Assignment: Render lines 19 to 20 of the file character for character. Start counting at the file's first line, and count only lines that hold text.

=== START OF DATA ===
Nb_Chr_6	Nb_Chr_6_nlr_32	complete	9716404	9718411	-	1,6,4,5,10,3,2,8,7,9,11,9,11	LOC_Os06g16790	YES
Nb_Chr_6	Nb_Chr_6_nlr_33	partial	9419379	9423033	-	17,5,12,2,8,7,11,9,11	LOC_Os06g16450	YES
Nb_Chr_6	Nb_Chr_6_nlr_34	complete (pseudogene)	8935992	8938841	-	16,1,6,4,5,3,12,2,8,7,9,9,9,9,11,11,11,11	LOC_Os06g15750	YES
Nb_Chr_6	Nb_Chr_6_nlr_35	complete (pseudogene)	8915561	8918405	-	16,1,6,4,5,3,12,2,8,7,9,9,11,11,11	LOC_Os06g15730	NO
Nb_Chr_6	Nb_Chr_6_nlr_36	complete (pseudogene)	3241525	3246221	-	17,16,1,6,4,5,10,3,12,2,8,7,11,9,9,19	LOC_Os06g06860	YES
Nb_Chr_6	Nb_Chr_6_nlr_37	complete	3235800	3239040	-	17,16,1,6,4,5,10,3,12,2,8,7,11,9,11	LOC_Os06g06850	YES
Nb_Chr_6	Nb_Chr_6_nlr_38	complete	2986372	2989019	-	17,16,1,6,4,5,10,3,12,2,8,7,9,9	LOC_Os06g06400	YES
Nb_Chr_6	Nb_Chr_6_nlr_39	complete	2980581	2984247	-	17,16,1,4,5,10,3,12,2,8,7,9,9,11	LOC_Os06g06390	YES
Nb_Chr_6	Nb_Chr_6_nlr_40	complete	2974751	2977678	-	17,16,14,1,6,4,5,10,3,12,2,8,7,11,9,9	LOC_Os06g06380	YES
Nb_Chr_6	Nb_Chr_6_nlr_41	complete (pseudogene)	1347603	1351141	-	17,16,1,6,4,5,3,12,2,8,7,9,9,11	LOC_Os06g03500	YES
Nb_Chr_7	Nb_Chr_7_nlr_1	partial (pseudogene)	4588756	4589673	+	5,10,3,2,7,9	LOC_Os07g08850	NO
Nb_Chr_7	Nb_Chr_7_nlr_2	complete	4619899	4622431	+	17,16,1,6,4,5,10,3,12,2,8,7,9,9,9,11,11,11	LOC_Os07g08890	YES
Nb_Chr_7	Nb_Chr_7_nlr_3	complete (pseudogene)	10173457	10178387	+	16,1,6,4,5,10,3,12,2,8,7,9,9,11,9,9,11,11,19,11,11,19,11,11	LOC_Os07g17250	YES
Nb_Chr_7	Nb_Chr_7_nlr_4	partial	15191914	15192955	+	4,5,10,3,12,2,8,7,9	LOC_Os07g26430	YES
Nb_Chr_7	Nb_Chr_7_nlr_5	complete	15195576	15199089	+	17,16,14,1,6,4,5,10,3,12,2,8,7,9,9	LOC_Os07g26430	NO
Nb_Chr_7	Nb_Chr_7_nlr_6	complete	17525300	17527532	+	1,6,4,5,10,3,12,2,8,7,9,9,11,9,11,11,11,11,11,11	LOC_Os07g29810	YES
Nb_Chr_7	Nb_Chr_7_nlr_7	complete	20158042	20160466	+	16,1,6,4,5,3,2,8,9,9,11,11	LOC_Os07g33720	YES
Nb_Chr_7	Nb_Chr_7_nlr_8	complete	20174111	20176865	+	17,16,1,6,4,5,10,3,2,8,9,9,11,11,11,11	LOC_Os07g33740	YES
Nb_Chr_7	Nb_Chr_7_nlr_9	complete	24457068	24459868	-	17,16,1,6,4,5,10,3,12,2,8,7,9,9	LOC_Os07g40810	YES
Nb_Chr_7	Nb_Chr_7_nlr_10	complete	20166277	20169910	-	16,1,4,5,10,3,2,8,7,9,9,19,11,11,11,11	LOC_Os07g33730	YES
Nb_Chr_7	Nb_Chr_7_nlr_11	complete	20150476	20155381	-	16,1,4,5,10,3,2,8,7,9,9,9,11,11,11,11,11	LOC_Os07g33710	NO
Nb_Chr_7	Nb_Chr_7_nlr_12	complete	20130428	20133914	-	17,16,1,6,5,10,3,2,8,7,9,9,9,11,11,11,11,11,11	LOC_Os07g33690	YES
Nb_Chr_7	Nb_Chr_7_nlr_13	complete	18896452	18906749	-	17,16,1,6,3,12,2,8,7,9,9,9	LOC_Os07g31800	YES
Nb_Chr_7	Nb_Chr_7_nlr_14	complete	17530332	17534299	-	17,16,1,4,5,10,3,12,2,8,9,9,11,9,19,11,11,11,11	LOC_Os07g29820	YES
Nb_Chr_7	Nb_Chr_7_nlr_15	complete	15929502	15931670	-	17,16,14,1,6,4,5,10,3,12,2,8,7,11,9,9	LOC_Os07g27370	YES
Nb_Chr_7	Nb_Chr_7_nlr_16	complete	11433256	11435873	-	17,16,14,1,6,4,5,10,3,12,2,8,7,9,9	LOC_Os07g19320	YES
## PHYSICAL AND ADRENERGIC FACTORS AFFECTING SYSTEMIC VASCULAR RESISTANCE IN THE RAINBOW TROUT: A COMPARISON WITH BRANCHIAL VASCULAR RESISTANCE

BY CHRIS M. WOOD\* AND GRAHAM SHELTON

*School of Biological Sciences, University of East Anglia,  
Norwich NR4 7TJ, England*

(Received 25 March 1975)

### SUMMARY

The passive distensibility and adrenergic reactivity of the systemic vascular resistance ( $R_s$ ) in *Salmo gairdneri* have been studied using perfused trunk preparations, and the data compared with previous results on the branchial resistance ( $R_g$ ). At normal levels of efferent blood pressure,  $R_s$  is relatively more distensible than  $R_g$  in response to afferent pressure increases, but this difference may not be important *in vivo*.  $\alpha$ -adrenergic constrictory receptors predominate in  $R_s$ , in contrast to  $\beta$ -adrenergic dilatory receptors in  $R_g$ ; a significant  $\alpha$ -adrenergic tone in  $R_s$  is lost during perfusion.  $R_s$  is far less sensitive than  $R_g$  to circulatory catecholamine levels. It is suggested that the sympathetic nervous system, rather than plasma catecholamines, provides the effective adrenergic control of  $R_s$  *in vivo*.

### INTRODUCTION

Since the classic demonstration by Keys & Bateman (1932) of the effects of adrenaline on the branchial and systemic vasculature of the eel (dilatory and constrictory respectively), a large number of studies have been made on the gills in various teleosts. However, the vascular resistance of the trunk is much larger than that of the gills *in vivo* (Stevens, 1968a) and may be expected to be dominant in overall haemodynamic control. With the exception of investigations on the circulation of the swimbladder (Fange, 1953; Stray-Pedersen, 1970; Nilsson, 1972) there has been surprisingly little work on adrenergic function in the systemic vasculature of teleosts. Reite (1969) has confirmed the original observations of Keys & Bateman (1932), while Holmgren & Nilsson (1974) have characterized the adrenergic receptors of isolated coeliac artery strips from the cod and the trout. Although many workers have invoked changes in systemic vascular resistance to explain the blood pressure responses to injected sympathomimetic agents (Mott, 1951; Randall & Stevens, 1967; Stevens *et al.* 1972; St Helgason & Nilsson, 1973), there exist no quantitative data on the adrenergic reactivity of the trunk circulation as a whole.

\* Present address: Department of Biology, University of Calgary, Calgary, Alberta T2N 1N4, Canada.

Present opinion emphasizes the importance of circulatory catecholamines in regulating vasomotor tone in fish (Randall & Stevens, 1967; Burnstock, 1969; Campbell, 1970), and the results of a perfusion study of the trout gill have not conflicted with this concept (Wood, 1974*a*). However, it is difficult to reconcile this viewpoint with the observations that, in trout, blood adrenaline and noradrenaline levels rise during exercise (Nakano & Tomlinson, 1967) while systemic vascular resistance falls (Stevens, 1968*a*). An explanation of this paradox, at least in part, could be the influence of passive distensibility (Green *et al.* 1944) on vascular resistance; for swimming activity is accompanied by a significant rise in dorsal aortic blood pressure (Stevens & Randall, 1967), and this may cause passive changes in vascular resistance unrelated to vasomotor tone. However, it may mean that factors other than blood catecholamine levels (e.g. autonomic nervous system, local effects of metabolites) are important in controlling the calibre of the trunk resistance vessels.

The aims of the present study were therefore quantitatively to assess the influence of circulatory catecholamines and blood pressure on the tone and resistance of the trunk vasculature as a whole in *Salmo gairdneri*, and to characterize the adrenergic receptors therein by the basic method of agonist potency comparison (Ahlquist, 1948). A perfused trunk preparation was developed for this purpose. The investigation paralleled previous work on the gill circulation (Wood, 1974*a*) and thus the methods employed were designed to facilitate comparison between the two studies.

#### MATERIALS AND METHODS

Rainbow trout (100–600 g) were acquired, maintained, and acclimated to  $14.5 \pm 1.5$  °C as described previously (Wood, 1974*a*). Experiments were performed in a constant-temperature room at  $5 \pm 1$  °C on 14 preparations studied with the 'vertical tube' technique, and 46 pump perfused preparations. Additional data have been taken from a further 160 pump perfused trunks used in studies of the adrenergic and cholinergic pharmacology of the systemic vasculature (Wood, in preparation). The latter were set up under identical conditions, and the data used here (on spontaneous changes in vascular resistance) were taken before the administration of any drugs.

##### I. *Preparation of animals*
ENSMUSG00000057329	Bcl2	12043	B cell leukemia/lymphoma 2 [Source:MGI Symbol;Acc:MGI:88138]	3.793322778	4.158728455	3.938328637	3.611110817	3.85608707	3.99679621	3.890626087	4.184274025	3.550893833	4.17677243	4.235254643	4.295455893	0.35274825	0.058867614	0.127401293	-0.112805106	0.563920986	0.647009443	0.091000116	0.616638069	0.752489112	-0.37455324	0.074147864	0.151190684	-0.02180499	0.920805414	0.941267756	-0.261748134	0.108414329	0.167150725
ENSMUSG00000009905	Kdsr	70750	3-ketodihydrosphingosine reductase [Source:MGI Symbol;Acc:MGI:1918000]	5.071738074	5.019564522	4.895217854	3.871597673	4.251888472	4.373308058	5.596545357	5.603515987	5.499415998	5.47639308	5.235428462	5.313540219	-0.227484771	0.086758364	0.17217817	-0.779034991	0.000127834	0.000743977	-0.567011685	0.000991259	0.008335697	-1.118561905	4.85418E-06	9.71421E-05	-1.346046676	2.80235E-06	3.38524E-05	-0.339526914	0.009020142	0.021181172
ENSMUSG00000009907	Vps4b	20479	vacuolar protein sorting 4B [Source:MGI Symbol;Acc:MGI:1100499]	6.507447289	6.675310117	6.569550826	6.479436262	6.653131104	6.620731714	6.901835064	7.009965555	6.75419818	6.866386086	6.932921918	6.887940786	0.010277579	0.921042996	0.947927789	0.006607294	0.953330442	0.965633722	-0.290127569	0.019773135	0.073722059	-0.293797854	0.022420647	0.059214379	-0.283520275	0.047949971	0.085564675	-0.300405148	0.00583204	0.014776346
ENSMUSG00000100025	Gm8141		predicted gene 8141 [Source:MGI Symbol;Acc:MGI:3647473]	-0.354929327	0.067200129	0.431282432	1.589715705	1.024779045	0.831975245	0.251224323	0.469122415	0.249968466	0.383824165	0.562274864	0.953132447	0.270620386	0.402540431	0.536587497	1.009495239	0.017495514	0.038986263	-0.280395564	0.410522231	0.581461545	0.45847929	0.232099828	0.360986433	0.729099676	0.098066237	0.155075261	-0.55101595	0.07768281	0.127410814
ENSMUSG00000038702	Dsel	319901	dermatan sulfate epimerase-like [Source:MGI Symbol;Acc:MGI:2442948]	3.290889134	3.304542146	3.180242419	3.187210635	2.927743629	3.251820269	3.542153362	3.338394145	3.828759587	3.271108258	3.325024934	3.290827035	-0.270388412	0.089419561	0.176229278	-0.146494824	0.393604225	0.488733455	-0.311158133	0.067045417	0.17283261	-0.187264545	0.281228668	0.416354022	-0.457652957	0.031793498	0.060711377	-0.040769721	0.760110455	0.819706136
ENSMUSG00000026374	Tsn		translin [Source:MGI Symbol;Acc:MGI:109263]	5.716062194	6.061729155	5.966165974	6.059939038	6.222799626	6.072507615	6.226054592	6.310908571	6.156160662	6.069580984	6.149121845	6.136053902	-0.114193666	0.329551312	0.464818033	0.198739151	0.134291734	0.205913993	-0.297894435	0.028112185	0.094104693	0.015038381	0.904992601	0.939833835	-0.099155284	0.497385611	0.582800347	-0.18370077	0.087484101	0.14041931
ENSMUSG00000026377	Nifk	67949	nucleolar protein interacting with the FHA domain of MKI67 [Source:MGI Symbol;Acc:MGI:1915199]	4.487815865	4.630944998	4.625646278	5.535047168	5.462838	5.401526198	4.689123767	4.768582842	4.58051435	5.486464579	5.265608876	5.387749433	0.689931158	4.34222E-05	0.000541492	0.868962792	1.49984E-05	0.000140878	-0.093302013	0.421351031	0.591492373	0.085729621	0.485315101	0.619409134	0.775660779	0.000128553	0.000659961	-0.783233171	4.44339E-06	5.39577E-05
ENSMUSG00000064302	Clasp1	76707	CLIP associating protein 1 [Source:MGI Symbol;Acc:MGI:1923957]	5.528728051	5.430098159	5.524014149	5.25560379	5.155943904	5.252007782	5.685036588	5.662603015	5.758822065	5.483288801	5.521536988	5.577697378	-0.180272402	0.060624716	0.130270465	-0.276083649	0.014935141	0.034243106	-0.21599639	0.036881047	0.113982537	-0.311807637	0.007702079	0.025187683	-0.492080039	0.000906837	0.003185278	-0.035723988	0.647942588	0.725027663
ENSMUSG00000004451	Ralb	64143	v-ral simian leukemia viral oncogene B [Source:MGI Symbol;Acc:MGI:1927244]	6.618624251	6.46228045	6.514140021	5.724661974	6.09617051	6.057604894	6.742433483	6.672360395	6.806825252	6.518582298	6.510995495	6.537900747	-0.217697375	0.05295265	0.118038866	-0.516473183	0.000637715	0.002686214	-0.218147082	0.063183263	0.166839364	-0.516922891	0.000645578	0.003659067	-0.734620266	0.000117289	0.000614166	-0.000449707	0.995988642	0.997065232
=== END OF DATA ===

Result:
Nb_Chr_7	Nb_Chr_7_nlr_9	complete	24457068	24459868	-	17,16,1,6,4,5,10,3,12,2,8,7,9,9	LOC_Os07g40810	YES
Nb_Chr_7	Nb_Chr_7_nlr_10	complete	20166277	20169910	-	16,1,4,5,10,3,2,8,7,9,9,19,11,11,11,11	LOC_Os07g33730	YES